Quote? You’ll have to read it. It’s quite short and almost amusing. Unless you are ‘rich’ or indeed rich…
I thought the numbers might be useful for graphs et al. so I OCR’d it and put it here:
docs.google.com/spreadsheet/ccc … y1Odm5YU2c
Added in some cumulative columns. Also put in a computed totals line, which differs from his totals by a couple of units, possibly due to unshown fractions.
It bears out the stats that the top 5% of earners pay over 40% of all tax, and the top 10% pay over 55% of it. Amazingly, the bottom 60% pay barely 5% of all tax, and the bottom 70% just over 10%… ultra-progressive!
A thousand words and all that… thank you.
If one added in payments from the state (e.g. from SILC) one would see that it is only the top 20% of earners that are net contributors. 80% are net beneficiaries… the welfare state, yep, that’s here…
I tried something like this before and tried adding graphs for other countries to compare how progressive various countries were. I gave up after when the task escalated and I struggled to find out details on tax regimes overseas. Anyone on here working abroad able to dig out similar stats for where they are?
Irish Times report that an “expert group” will present a suggestion to raise the PRSI rate on the self-employed to 17.3%.
Time to turn out the lights if they go down that road. Marginal rate of 68% on people who are supposed to be the entrepreneurs and create jobs.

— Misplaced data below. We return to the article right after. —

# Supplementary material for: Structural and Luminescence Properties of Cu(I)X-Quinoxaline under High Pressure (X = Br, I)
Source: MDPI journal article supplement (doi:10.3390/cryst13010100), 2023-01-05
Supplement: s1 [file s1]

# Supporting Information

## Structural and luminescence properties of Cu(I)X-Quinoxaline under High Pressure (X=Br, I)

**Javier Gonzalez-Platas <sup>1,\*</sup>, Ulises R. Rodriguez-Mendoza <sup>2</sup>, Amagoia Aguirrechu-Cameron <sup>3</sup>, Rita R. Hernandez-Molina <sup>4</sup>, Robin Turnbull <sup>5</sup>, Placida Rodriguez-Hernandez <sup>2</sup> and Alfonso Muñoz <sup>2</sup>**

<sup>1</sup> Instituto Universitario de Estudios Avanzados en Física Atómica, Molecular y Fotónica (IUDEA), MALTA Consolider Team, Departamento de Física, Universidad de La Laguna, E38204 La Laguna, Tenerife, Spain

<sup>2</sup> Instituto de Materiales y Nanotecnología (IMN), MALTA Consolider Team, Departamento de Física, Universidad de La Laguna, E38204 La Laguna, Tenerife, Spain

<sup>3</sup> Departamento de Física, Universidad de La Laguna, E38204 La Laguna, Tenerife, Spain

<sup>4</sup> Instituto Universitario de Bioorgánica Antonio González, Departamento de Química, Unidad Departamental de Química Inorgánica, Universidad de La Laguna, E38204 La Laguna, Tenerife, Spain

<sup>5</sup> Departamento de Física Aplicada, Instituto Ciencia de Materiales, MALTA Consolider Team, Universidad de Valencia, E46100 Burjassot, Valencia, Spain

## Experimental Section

Yoganmahew and ps200306 - excellent work
So the top 32% (gross wage) earners in Ireland in 2011 paid a wopping 90% of all Income Tax.
We can’t continue the crazy situation where 36% of all workers are not ZERO Income tax each year.
Frankly, this tells me that we need to lower the Income tax threshold.
The UK have four tiers: 10%, 20%, 40%, 50%.
Of course we’re far too socialist a nation to ever bring in a 10% tax on the lowest paid.
Remind me what it’s at now… I should know
It’s somewhat complex for France, as everyone who’s employed seems to be paying at least 21% in social charges. Income tax is paid on your net, i.e. after deductions. I’ll try to dig out some statistics this week.
I dunno what the IT story is getting at, but the current rates are, I think:
An extra 3% PRSI on income over 50k (or some other arbitrary amount…).
There is a 10% USC rate for income over 100k but only if you are self employed. I dont think they even tried to justify the self employed clause. In my opinion it was but there as they are the least organised resistance group.
Lowering the bands for when you pay higher PRSI would be a sneaky way to make more money.
People will find it quite hard to work out the cost until they get their first payslip in Jan.
The rates of Universal Social Charge are:
• 2% - on the first €10,036
• 4% - on the next €5,980
• 7% - on the balance
There is a surcharge of 3% on individuals who have income from self-employment that exceeds €100,000 in a year, regardless of age.
The issue of low tax rates at lower income levels has been covered here before: